The next day, we woke early to eat breakfast and head out on the boat for our first day of diving. Considering this is rainy season, and therefore low season for tourism, there were only 4 divers on the boat. While it was raining on the surface, we enjoyed diving the shelved reefs on the North side of the island, looking at prestine hard and soft corals and the multitude of fish that live in the vibrant landscape.
Over lunch, we were introduced to Meg and Sal, two Americans from LA, who are going to run the Two Fish in Gili Air, a nearby island. A year ago, Meg and Sal had been on a similar journey, having quit their jobs and deciding to travel SE Asia. They started diving and couldn’t stop, deciding to become Scuba Instructors instead of going home and picking up their lives in food service (Sal is a chef). We heard a similar story from Dani and Anna, who have rented out their apartment in Barcelona for the last 12 years while working in dive shops across the globe. It definitely gave us food for thought and an interesting topic of discussion over dinner each night. Could we leave behind our lives in the US? This trip was supposed to be a temporary sabbatical, but what if we decided to make it permanent?
The next day, we went to see the mantas. Lembongan is famous for two dive sites, Manta Bay and Manta Point, both areas highly frequented by the manta rays who live around the island year round. Mola mola, or sunfish, are also common here but only during the high season as they prefer colder waters.
We got a reminder that it was rainy season as the seas were very high and we spent the 30 minute boat ride being pelted with rain. However upon arriving in Manta Bay, our boat crew spotted three mantas so we quickly got ready and rolled into the water. Throughout the dive, we were rewarded with multiple sightings of mantas and it was amazing to see the size (some are as large as 6 meters/18 feet across) and majesty of these gorgeous creatures.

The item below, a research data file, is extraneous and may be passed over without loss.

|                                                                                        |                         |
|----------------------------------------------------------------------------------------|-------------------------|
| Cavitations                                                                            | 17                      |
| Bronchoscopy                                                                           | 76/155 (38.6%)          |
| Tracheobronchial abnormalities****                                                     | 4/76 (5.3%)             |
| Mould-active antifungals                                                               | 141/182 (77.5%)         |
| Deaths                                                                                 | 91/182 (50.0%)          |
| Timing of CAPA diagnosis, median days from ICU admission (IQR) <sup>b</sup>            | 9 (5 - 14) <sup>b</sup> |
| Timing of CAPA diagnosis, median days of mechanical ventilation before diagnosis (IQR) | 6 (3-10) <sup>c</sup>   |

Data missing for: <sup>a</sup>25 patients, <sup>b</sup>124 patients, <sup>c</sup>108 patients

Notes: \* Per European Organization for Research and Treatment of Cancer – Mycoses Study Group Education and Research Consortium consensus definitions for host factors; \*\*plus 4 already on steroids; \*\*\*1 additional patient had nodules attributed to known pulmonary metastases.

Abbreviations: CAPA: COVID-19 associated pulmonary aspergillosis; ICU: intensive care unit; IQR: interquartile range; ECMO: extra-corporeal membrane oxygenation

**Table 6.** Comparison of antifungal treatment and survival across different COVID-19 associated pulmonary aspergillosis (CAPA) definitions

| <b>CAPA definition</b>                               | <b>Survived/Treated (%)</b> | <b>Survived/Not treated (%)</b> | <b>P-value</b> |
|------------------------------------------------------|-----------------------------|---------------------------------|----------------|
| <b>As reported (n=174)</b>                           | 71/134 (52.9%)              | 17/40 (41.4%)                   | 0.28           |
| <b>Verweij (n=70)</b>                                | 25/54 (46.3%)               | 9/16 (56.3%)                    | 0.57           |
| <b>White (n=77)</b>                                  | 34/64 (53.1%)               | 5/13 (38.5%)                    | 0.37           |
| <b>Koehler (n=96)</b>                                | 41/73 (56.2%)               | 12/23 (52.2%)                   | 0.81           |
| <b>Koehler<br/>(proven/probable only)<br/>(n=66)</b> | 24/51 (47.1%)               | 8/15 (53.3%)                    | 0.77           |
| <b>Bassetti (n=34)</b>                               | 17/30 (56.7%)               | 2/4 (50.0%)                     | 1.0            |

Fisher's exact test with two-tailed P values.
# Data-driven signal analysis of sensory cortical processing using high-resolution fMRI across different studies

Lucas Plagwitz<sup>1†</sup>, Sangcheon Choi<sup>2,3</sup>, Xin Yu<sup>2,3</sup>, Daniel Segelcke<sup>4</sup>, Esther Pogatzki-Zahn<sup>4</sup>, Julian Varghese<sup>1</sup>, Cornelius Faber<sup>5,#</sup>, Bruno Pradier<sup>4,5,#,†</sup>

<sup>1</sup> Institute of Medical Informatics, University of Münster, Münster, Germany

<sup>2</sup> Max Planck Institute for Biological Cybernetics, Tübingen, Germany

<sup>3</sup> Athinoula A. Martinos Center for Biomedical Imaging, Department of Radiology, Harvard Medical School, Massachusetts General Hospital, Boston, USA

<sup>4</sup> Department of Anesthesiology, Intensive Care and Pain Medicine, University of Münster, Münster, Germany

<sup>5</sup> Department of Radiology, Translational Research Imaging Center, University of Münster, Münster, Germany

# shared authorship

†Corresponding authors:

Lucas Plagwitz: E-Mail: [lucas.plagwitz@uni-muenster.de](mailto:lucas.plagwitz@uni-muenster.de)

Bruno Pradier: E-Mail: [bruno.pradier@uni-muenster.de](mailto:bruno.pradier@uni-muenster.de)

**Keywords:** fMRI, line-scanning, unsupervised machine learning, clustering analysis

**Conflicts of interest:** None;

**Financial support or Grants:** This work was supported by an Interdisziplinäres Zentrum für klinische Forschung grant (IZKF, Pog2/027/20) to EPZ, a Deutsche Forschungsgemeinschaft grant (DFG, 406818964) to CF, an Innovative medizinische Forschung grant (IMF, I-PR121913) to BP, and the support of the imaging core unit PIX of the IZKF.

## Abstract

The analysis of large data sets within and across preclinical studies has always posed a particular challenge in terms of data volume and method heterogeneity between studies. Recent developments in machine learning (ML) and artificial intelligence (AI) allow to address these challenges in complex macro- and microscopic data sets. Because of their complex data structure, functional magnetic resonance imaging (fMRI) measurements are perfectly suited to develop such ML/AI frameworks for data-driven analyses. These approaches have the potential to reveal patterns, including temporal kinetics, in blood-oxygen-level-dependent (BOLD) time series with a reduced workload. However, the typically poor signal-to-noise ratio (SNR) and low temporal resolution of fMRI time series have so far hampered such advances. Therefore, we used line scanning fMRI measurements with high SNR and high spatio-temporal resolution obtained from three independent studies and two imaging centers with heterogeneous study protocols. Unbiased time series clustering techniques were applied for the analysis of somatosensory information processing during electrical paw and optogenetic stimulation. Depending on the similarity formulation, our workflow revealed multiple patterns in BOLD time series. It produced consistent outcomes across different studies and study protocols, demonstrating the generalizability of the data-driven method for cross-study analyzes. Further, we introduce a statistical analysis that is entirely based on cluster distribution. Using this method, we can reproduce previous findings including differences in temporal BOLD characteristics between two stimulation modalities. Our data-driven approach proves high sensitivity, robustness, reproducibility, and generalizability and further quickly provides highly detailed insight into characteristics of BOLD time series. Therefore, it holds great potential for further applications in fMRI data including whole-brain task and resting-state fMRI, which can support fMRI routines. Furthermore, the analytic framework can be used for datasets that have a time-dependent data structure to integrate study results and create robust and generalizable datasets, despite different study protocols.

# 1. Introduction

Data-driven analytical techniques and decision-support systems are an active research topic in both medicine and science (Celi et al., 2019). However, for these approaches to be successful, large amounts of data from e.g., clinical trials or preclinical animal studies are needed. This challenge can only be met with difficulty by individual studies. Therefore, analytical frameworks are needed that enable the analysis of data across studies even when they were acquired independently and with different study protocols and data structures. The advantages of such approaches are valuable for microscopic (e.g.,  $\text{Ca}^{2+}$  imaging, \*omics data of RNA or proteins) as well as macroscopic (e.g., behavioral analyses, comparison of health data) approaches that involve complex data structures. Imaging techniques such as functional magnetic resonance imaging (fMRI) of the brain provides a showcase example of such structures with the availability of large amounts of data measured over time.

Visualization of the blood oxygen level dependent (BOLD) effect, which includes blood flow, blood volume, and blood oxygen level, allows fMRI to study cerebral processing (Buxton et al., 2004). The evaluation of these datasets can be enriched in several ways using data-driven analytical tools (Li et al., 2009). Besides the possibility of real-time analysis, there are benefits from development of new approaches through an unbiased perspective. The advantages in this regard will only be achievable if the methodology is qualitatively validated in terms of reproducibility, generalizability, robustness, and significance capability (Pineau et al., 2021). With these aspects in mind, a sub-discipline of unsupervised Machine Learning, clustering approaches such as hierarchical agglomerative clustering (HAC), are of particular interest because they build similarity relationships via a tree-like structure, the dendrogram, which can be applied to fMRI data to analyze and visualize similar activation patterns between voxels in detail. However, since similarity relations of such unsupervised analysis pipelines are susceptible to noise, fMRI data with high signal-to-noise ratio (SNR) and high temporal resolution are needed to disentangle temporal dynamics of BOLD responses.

We got to see mantas twice during our 6 days of diving in Lembongan. We were also rewarded with the only mola sighting in the last 2 months and one of the best dives that I’ve done done, called Mangrove. Imagine a seemingly endless reef, brightly colored with bulbous corrals and technicolor fish of all sizes in every direction. Every few minutes, you stumble upon something of note: a turtle swimming directly in front of you, an octopus hiding under a large shell, purple puffer fish, and so much more. It was an experience I will always remember.
After Lembongan, we traveled to Ubud. A small, inland town located in the jungle and rice patties and the yoga and health food capital of Bali. This is the area featured in Eat, Pray, Love and the idyllic scenery in the movie is what inspired my desired to find a beautiful AirBnB and hang out for a week of relaxation, reflection, and writing. The only problem is that the bungalow we rented was a little too nice, and instead of posting up at the large community dining table to write every day, I decided to sit by the pool, reading. To be fair, the weather was extremely hot and in order to survive (I’m a cold weather person by nature), I required constant dips in the pool and typing while wet seemed like a bad idea.
Better yet, let me take full ownership for my decision. I didn’t feel like writing. I felt like sitting around, enjoying the jungle environs and infinity pool by sitting on a lounge chair, reading and napping in between dips in the water and working on my tan. I felt like relaxing with the only pressing concern of what to eat when hungry.
How often in my life have I had the luxury of an empty calendar? Sure, every weekend or vacation I have the choice of doing nothing but there’s always a part of my brain that is thinking about my commitments on Monday, or how much work I’ll have when returning. In Bali, I’d seemed to have hit a sweet spot where I truely was in the moment, fully relaxed and enjoying every second as it came.
It’s a new sensation for me, and one which I realize is very important for me to learn. Otherwise, I run the risk of living a life of planning, constantly anticipating that next thing, instead of simply enjoying the moment that I’m in. Because one of my biggest fears is to look back at the end of my life and think, “Where did the time go?”